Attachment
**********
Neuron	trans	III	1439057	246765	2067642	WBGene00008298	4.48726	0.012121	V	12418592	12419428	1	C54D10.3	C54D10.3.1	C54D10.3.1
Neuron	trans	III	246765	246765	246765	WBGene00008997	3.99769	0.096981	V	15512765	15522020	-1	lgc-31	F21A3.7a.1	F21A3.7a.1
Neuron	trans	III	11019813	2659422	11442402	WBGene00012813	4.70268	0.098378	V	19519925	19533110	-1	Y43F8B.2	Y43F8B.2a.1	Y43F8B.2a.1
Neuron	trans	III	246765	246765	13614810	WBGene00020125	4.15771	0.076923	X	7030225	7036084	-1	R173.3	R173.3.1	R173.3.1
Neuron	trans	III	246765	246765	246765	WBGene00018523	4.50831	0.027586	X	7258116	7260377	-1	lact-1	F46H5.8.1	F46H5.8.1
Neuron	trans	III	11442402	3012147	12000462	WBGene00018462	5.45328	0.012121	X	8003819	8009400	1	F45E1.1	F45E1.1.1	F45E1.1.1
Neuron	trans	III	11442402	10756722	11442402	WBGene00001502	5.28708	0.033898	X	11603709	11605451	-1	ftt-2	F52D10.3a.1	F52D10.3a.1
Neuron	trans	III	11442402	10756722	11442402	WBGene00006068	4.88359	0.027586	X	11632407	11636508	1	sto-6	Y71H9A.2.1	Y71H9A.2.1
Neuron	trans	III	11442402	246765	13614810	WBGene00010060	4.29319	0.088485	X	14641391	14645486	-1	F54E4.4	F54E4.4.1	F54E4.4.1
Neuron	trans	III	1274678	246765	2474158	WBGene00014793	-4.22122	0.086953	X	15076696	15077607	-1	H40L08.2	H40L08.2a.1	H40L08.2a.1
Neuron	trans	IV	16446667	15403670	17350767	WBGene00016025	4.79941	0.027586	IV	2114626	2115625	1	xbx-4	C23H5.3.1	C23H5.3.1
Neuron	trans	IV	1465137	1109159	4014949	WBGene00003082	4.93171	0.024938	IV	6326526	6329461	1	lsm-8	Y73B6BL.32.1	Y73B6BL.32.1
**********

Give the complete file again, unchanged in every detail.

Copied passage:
Neuron	trans	III	1439057	246765	2067642	WBGene00008298	4.48726	0.012121	V	12418592	12419428	1	C54D10.3	C54D10.3.1	C54D10.3.1
Neuron	trans	III	246765	246765	246765	WBGene00008997	3.99769	0.096981	V	15512765	15522020	-1	lgc-31	F21A3.7a.1	F21A3.7a.1
Neuron	trans	III	11019813	2659422	11442402	WBGene00012813	4.70268	0.098378	V	19519925	19533110	-1	Y43F8B.2	Y43F8B.2a.1	Y43F8B.2a.1
Neuron	trans	III	246765	246765	13614810	WBGene00020125	4.15771	0.076923	X	7030225	7036084	-1	R173.3	R173.3.1	R173.3.1
Neuron	trans	III	246765	246765	246765	WBGene00018523	4.50831	0.027586	X	7258116	7260377	-1	lact-1	F46H5.8.1	F46H5.8.1
Neuron	trans	III	11442402	3012147	12000462	WBGene00018462	5.45328	0.012121	X	8003819	8009400	1	F45E1.1	F45E1.1.1	F45E1.1.1
Neuron	trans	III	11442402	10756722	11442402	WBGene00001502	5.28708	0.033898	X	11603709	11605451	-1	ftt-2	F52D10.3a.1	F52D10.3a.1
Neuron	trans	III	11442402	10756722	11442402	WBGene00006068	4.88359	0.027586	X	11632407	11636508	1	sto-6	Y71H9A.2.1	Y71H9A.2.1
Neuron	trans	III	11442402	246765	13614810	WBGene00010060	4.29319	0.088485	X	14641391	14645486	-1	F54E4.4	F54E4.4.1	F54E4.4.1
Neuron	trans	III	1274678	246765	2474158	WBGene00014793	-4.22122	0.086953	X	15076696	15077607	-1	H40L08.2	H40L08.2a.1	H40L08.2a.1
Neuron	trans	IV	16446667	15403670	17350767	WBGene00016025	4.79941	0.027586	IV	2114626	2115625	1	xbx-4	C23H5.3.1	C23H5.3.1
Neuron	trans	IV	1465137	1109159	4014949	WBGene00003082	4.93171	0.024938	IV	6326526	6329461	1	lsm-8	Y73B6BL.32.1	Y73B6BL.32.1